Science Cafe

Why math matters in rural areas

Cortney Willis,

Dr. Robert KleinThe topic of the Science Café on Feb. 6 was math. Specifically, Ohio University professor of mathematics Robert Klein, Ph.D., examined rural education in regards to mathematics. An enthusiastic and charismatic speaker, Klein first asked the audience to envision “rural.” He asked, “What does rural look like?” Some answered “corn.” Others responded “mountains,” and “Meiggs County.”

Klein went on to give some interesting statistics on rural areas. According to the 2010 census, 16 percent of the U.S. population is rural, and there are 9.6 million rural students in the U.S. In terms of raw numbers, Ohio ranks fourth in the number of rural students.

Klein explained that the lack of opportunities for higher education in mathematics is problematic for those students in rural areas who prove exceptional at math. Another problem with rural areas is that there are not many jobs to which science in mathematics is applicable. As a result, those who are good at math and science typically leave the rural areas in which they grew up and do not return.

Klein made sure to mention that, while rural is everywhere, place matters in all rural areas. He also noted that while math was everywhere, too, many rural areas don’t teach math above a sixth-grade level.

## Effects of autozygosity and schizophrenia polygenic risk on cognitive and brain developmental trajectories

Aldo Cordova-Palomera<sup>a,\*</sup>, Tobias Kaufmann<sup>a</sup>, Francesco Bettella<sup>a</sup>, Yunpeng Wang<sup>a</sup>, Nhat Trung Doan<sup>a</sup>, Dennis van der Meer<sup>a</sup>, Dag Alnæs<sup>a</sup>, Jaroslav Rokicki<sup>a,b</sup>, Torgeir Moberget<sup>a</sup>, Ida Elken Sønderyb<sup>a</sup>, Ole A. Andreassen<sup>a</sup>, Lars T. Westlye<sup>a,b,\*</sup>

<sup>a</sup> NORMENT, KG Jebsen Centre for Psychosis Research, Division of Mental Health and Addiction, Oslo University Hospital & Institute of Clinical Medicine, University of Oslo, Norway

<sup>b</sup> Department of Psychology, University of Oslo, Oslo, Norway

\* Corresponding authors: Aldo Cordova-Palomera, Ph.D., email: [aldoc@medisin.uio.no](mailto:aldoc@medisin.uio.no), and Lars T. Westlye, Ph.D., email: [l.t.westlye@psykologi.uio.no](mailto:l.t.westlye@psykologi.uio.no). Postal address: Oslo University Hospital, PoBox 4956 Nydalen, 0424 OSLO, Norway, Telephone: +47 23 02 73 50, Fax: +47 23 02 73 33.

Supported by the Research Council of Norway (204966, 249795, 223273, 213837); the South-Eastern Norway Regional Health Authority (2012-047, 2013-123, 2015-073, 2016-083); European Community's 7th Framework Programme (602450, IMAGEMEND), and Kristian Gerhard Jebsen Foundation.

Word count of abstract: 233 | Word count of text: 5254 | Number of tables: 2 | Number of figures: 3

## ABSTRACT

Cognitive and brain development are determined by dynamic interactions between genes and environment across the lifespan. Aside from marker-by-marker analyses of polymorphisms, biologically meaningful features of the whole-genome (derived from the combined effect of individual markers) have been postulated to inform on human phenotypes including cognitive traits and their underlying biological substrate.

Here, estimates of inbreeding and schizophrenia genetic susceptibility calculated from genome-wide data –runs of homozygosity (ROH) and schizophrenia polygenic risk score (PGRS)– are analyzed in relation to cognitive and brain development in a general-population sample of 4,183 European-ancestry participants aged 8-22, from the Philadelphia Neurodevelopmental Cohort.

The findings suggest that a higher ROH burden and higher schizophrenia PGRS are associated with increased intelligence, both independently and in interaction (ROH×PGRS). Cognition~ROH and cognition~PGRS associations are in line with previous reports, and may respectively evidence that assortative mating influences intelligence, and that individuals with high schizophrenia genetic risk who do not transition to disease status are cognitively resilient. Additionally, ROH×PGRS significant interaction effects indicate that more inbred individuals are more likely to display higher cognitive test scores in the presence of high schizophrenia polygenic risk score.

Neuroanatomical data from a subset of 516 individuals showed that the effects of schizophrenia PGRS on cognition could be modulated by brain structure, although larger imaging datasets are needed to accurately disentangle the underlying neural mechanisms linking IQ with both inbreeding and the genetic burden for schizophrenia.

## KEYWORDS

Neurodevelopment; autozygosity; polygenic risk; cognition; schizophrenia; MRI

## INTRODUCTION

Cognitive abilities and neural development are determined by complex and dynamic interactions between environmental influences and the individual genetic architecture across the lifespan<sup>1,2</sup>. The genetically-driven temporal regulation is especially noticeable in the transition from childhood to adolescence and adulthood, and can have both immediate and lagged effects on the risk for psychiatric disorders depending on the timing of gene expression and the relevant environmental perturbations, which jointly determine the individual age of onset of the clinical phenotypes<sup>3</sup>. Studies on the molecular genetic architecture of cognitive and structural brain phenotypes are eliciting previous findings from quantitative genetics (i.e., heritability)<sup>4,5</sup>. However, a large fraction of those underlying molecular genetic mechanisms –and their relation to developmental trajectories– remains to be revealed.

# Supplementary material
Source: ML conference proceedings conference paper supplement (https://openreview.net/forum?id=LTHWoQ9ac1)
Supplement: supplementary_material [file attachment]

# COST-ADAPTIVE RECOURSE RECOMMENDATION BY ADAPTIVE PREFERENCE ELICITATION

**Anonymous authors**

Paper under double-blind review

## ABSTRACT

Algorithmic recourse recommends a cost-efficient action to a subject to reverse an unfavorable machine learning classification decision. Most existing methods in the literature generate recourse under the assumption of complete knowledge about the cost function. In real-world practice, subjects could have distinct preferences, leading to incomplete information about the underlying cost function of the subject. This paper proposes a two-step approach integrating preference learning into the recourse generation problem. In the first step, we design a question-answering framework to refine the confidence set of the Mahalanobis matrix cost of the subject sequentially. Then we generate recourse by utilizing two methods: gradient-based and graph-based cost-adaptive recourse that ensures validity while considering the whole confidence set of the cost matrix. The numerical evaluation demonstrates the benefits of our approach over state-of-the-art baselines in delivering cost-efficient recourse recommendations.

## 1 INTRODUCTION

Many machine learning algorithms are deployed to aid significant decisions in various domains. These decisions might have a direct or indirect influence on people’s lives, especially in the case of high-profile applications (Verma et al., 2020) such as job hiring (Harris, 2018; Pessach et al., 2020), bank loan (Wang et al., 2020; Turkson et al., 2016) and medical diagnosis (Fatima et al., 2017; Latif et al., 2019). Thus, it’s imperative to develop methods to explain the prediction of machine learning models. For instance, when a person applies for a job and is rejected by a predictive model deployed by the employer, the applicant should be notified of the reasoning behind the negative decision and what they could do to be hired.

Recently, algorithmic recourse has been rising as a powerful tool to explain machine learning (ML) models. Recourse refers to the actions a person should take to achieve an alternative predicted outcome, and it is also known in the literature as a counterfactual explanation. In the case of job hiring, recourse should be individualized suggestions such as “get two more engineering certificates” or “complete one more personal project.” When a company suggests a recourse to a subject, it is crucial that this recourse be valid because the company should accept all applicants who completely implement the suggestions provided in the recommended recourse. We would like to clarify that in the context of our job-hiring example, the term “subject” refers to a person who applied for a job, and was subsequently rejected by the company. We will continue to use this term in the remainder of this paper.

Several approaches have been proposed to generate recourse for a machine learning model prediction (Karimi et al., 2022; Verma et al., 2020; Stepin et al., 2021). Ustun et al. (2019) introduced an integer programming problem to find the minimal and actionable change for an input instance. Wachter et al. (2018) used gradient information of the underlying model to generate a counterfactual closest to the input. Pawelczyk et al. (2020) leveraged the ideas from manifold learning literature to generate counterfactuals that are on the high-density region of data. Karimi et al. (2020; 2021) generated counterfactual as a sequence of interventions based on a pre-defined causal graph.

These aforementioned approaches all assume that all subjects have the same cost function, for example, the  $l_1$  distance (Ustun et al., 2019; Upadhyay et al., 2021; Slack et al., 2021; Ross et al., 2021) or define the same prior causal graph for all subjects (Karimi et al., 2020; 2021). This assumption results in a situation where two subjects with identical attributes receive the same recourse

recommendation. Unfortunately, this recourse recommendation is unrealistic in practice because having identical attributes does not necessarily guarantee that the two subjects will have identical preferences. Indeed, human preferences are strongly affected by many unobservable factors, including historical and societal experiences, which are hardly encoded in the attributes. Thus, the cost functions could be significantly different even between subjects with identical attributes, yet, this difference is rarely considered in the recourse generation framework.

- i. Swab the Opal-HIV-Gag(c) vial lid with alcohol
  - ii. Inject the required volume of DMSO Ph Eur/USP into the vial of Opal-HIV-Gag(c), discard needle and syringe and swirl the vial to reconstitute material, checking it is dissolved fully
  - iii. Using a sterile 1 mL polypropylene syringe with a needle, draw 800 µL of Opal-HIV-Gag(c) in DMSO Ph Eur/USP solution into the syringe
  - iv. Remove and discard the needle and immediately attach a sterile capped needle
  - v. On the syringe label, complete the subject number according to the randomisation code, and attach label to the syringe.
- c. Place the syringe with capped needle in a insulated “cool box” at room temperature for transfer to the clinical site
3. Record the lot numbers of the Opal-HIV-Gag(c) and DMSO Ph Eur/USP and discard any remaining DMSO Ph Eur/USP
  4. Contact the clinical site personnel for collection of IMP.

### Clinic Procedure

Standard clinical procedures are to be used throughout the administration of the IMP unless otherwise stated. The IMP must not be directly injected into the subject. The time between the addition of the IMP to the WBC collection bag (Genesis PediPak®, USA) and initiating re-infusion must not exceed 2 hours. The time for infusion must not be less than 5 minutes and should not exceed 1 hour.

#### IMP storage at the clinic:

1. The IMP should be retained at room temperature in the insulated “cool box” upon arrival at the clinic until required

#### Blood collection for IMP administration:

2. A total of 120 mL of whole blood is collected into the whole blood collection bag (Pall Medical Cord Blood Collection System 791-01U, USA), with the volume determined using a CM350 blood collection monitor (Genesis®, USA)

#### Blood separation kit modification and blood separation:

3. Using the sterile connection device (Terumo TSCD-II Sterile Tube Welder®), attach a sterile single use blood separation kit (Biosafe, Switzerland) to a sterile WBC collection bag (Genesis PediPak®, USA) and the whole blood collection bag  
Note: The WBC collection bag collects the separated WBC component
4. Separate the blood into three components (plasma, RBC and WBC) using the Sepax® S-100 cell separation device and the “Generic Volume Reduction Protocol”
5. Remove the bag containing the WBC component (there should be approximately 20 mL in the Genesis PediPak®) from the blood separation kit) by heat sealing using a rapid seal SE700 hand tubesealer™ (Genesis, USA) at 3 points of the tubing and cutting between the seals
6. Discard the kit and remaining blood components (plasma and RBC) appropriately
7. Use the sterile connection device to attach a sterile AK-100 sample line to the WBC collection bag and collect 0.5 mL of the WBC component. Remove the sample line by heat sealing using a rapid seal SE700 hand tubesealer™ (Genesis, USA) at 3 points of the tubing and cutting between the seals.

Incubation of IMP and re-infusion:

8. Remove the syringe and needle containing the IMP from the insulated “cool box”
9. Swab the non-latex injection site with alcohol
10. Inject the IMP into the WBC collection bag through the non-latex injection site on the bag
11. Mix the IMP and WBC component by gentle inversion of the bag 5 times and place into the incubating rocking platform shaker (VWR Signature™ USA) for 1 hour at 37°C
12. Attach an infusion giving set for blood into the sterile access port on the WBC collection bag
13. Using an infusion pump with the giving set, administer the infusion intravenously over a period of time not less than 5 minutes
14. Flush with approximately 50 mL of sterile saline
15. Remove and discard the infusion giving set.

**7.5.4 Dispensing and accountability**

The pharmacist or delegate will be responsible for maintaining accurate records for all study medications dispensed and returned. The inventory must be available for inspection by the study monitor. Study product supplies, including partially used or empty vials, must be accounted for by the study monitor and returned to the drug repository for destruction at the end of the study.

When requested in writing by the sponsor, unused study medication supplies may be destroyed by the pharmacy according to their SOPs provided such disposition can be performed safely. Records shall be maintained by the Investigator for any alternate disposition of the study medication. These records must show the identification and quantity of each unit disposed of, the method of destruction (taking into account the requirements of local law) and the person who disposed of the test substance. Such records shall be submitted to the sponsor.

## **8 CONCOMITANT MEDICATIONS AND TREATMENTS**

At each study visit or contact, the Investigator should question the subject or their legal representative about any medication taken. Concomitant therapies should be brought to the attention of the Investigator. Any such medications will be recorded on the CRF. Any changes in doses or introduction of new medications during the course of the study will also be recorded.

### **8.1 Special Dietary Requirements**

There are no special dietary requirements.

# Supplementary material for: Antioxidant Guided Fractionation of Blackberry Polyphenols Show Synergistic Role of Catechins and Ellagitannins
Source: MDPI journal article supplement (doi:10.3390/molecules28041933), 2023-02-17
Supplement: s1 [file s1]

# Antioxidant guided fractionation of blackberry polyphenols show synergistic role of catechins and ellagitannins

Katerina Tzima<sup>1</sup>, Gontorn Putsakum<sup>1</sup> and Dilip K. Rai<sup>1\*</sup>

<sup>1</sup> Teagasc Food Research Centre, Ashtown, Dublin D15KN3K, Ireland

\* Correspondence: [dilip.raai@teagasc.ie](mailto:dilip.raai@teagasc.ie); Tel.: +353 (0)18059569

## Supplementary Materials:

In an attempt to help compensate for the lack of education in mathematics, Klein and others are working on math-teacher circles. There are currently only 44 active in the U.S. Of those 44, only two are in Ohio. In these circles, students and teachers get together to solve mathematical problems. Klein said that the purpose of these circles is to help restore a love of mathematics in teachers and students alike.

Near the end of his presentation, Klein had the Science Café audience play a game of “Science Bingo.” Klein was able to guess every number a participant lied about, joking, “I do have ESPN.”

To conclude, Klein left the audience with a promising axiom: “If you inspire someone to do mathematics in any area, it’s going to grow from seeds planted within math teachers.”

For more information on Klein’s work in rural areas, go to The next Science Café will take place on Feb. 20. Dr. Mario Revolvo will speak on the subject of biomedical science.


3 thoughts on “Why math matters in rural areas

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